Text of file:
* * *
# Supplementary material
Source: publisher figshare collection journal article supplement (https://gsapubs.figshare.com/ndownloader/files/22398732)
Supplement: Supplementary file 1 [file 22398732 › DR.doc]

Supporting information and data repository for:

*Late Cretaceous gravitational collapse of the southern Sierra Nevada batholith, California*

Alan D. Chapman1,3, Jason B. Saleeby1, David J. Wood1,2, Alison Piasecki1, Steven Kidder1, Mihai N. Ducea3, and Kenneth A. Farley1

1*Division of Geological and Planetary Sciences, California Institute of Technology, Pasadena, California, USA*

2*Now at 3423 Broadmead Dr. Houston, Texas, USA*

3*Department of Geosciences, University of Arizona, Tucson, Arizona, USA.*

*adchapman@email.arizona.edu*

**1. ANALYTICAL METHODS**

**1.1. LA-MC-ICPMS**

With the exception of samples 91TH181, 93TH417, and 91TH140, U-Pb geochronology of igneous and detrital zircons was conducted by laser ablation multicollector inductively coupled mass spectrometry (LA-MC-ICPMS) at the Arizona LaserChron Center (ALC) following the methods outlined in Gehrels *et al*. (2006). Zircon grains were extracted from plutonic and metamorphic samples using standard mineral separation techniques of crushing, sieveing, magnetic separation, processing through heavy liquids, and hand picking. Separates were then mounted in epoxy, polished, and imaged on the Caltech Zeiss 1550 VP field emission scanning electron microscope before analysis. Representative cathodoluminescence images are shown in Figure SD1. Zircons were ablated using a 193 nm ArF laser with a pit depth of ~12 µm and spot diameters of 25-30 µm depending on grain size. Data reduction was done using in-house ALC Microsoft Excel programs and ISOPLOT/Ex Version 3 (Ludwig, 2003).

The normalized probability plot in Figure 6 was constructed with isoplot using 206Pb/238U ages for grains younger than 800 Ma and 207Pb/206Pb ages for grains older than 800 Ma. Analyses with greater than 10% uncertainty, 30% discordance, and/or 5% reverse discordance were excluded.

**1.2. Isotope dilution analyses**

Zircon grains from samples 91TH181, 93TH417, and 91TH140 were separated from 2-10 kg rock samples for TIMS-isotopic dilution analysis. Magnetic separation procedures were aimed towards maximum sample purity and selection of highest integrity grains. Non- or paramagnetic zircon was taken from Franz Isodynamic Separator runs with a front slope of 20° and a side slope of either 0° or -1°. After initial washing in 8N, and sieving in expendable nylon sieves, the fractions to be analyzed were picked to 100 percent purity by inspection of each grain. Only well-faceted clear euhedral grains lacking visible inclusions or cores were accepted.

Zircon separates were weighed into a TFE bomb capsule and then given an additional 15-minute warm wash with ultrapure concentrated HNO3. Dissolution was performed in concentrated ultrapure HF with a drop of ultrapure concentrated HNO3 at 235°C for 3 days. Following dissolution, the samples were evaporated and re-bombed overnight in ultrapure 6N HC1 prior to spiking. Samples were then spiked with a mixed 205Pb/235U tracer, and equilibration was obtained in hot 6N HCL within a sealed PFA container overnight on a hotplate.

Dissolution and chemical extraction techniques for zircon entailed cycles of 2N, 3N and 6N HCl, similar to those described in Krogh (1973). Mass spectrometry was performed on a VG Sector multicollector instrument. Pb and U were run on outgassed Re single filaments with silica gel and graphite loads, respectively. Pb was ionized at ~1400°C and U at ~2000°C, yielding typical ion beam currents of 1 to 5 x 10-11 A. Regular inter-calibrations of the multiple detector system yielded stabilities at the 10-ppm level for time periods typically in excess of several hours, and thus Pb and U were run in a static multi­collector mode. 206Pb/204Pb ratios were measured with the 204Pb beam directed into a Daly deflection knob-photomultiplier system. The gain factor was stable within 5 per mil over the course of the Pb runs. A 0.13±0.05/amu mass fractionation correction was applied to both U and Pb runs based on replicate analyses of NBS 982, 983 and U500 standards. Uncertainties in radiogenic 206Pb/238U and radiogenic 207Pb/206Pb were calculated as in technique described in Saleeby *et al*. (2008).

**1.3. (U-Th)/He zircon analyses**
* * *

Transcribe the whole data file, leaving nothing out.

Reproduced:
# Supplementary material
Source: publisher figshare collection journal article supplement (https://gsapubs.figshare.com/ndownloader/files/22398732)
Supplement: Supplementary file 1 [file 22398732 › DR.doc]

Supporting information and data repository for:

*Late Cretaceous gravitational collapse of the southern Sierra Nevada batholith, California*

Alan D. Chapman1,3, Jason B. Saleeby1, David J. Wood1,2, Alison Piasecki1, Steven Kidder1, Mihai N. Ducea3, and Kenneth A. Farley1

1*Division of Geological and Planetary Sciences, California Institute of Technology, Pasadena, California, USA*

2*Now at 3423 Broadmead Dr. Houston, Texas, USA*

3*Department of Geosciences, University of Arizona, Tucson, Arizona, USA.*

*adchapman@email.arizona.edu*

**1. ANALYTICAL METHODS**

**1.1. LA-MC-ICPMS**

With the exception of samples 91TH181, 93TH417, and 91TH140, U-Pb geochronology of igneous and detrital zircons was conducted by laser ablation multicollector inductively coupled mass spectrometry (LA-MC-ICPMS) at the Arizona LaserChron Center (ALC) following the methods outlined in Gehrels *et al*. (2006). Zircon grains were extracted from plutonic and metamorphic samples using standard mineral separation techniques of crushing, sieveing, magnetic separation, processing through heavy liquids, and hand picking. Separates were then mounted in epoxy, polished, and imaged on the Caltech Zeiss 1550 VP field emission scanning electron microscope before analysis. Representative cathodoluminescence images are shown in Figure SD1. Zircons were ablated using a 193 nm ArF laser with a pit depth of ~12 µm and spot diameters of 25-30 µm depending on grain size. Data reduction was done using in-house ALC Microsoft Excel programs and ISOPLOT/Ex Version 3 (Ludwig, 2003).

The normalized probability plot in Figure 6 was constructed with isoplot using 206Pb/238U ages for grains younger than 800 Ma and 207Pb/206Pb ages for grains older than 800 Ma. Analyses with greater than 10% uncertainty, 30% discordance, and/or 5% reverse discordance were excluded.

**1.2. Isotope dilution analyses**

Zircon grains from samples 91TH181, 93TH417, and 91TH140 were separated from 2-10 kg rock samples for TIMS-isotopic dilution analysis. Magnetic separation procedures were aimed towards maximum sample purity and selection of highest integrity grains. Non- or paramagnetic zircon was taken from Franz Isodynamic Separator runs with a front slope of 20° and a side slope of either 0° or -1°. After initial washing in 8N, and sieving in expendable nylon sieves, the fractions to be analyzed were picked to 100 percent purity by inspection of each grain. Only well-faceted clear euhedral grains lacking visible inclusions or cores were accepted.

Zircon separates were weighed into a TFE bomb capsule and then given an additional 15-minute warm wash with ultrapure concentrated HNO3. Dissolution was performed in concentrated ultrapure HF with a drop of ultrapure concentrated HNO3 at 235°C for 3 days. Following dissolution, the samples were evaporated and re-bombed overnight in ultrapure 6N HC1 prior to spiking. Samples were then spiked with a mixed 205Pb/235U tracer, and equilibration was obtained in hot 6N HCL within a sealed PFA container overnight on a hotplate.

Dissolution and chemical extraction techniques for zircon entailed cycles of 2N, 3N and 6N HCl, similar to those described in Krogh (1973). Mass spectrometry was performed on a VG Sector multicollector instrument. Pb and U were run on outgassed Re single filaments with silica gel and graphite loads, respectively. Pb was ionized at ~1400°C and U at ~2000°C, yielding typical ion beam currents of 1 to 5 x 10-11 A. Regular inter-calibrations of the multiple detector system yielded stabilities at the 10-ppm level for time periods typically in excess of several hours, and thus Pb and U were run in a static multi­collector mode. 206Pb/204Pb ratios were measured with the 204Pb beam directed into a Daly deflection knob-photomultiplier system. The gain factor was stable within 5 per mil over the course of the Pb runs. A 0.13±0.05/amu mass fractionation correction was applied to both U and Pb runs based on replicate analyses of NBS 982, 983 and U500 standards. Uncertainties in radiogenic 206Pb/238U and radiogenic 207Pb/206Pb were calculated as in technique described in Saleeby *et al*. (2008).

**1.3. (U-Th)/He zircon analyses**